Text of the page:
In India, you will see small sites being on the first page of Google search on a political topic but portals like Opindia and Swarajyamag being left out. In fact, if one needs to find information on any topic, the first two pages of search results are always full of a certain type of narrative. If for example, I had typed “Mandi system in India” now, I would only get protest and negative information. The first article is from Hindustan Times titled In Punjab, the centrality of the mandi system and second is from New Indian Express titled “How Farmers view the existing Mandi system” Both discuss Mandi system as something that should not be changed.
Go to the Tools -> Any Time -> Custom Range and the time range and see what happens.
The first article that shows is from “The Hindu - BusinessLine” titled “From farm mandi to bigger things” and the first line in that article is The aggregation of produce and storage facilities needs to improve, with private sector involvement.
So you see how the narrative changes? One cannot get a “balanced view” from Google on a topic that is current in nature. Google search endorses only one type of ideological narrative. Something that JD Rucker talked about
These applications - Social media, Search platforms and news - are not platforms or simply data reporting purveyors anymore. They are into ‘publishing” and that too into the task of ideological hit-jobs. The search narrative difference on Mandi system in India is an algorithmical hit-job!
So the question that needs to be asked is how can these platforms and media in general decide on our behalf?
How can it tell us what is “right” and what is “wrong”? Have we not, in a democracy elected our representatives and a government based on those representatives who legislate laws and run the country?
Are the courts not deciding the things that are aligned to the laws and the constitution that we all agreed on via our representatives?
Then who the bloody heck is media to decide? What is their representational character?
This is an important question that Yuri Bezemenov asks in this lecture. (We carried the complete video yesterday in our newsletter - Issue #257 - Swastika and the Aryan Christ)
As technology gets more and more advanced, the media houses are becoming more sophisticated. They are now planning to use cutting-edge technology to create tools of more disruptive nature in terms of propaganda. (Source)
BBC has Juicer. The Juicer takes news content, automatically tags it, then provides a fully-featured API to access this content and data.
Reuters is using the News Tracer tool that can track down breaking news.
Obviously, as we learned recently in our newsletter - BBC and Reuters were on the payroll of MI-6 (Read Issue #254 - The Perfect Espionage Strategy!)
New York Times has The New York Times Research and Development Lab (Source), which has a few research areas like Computer Vision (“uncovering hidden stories in photos, videos and live coverage”), Photogrammetry (“creating immersive 3D environments using 2D photographs”), Spatial Computing (“exploring new storytelling formats in 3D and augmented reality”), media Transmission (“Developing faster methods of getting photos and videos back from the field”), NLP (“Building tools to extract knowledge from our 168 year archive”), and Misinformation (“giving readers ways to distinguish credible news from misinformation”).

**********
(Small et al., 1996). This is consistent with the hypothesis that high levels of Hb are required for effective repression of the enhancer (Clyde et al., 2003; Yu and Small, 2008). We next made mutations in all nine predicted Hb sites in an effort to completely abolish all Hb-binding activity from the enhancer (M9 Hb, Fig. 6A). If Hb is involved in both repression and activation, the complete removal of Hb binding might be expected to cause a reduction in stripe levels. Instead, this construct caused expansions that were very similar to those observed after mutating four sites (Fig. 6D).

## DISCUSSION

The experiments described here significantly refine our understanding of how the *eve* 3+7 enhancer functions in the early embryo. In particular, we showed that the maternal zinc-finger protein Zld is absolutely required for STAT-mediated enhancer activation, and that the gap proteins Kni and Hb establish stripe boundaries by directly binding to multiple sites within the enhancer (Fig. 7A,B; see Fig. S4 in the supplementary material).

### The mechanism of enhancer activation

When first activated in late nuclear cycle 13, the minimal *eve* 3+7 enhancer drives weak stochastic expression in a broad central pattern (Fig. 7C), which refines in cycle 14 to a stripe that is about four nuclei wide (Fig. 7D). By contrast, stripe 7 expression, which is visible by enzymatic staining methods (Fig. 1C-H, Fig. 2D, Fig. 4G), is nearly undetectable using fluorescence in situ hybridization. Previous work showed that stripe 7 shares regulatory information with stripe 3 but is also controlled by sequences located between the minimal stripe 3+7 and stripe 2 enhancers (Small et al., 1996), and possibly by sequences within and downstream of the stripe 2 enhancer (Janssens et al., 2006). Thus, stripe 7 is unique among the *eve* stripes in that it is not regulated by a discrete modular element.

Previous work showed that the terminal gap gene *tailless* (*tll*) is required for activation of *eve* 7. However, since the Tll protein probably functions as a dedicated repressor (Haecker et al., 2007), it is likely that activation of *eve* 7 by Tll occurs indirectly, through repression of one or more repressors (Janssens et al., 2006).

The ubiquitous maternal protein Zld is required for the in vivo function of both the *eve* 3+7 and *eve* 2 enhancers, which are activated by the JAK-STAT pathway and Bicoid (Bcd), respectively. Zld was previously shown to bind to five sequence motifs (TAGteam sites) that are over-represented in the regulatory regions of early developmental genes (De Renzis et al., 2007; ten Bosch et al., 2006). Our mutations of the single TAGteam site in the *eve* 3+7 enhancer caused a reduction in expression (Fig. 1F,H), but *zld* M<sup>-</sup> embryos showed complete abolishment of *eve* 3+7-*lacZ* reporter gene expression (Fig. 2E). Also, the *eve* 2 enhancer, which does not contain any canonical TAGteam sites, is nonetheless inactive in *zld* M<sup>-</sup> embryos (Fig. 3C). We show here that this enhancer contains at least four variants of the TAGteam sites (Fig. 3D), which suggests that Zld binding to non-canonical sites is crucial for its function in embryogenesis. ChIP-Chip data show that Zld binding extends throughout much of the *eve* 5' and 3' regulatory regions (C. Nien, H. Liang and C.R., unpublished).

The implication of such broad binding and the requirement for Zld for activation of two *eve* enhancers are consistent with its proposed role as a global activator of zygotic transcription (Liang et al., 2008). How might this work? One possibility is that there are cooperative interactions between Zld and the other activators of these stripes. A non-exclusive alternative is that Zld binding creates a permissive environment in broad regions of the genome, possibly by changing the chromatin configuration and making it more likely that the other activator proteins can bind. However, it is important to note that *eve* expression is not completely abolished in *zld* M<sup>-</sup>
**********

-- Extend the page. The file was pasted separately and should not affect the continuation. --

Anyone who has followed the news on India from New York Times knows that if they had a few chimps sent to do reporting, they would have turned out to be more accurate. So, their “fact-check” avatar is riddled with self-committed crimes.
But that is the story in most places. Those who are known as purveyors of fake news are the ones who show up as “fact-checkers.” Quite like Alt-News in India.
So what is the way?
Straighten News reporting
The problem is not that people have varied ideological traps. They do. The issue is that they peddle them as facts. They aren’t. They are opinions.
Opinions have their place in journalism. This newsletter is also a set of opinions. We try to be objective but to say we are not sharing opinions will be a lie.
But the reporting has been bastardized via ideological narratives deciding on what to report and what not to.
The News Agencies like Reuters and in India like PTI have been found to peddle narratives and lies.
And, that is where the integrity of news is lost.
The real crux of future news industry is not in creating new media and new portals and fact-checkers et al. But in setting up a robust news reporting technology platform.
And, that news reporting technology platform powered by Artificial Intelligence, block-chain and big data technologies will have to be as sacrosanct as the Election Commission.
For, it is as integral to the democracy in India. Without correct information, there is no democracy. Representation in the realm of opinions and analyses is being brought about by the many applications like blogs, newsletters, podcasts, and Youtube channels.
What is missing is the underlying reporting layer. And, undermining that is akin to undermining elections. In both the cases, what is at stake is representation.
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Super-fast Highway construction: Highway construction on a record-breaking spree. Despite the pandemic, highway construction in April-January this fiscal rose to 30 km/day, from 28 km/day in 2019-20. In the past, it was only in 2018-19 that the pace of building of highways touched the 30 km/day mark. The February-March period of the current fiscal is seen witnessing even speedier construction.
video corner: Last Nomads of Everest
At the height of 4000 meters is the Nurkum village. Villagers do cow husbandry - this is the story of the people in that Sherpa village as they strive hard to maintain their traditions and life.
Check this award-winning documentary out.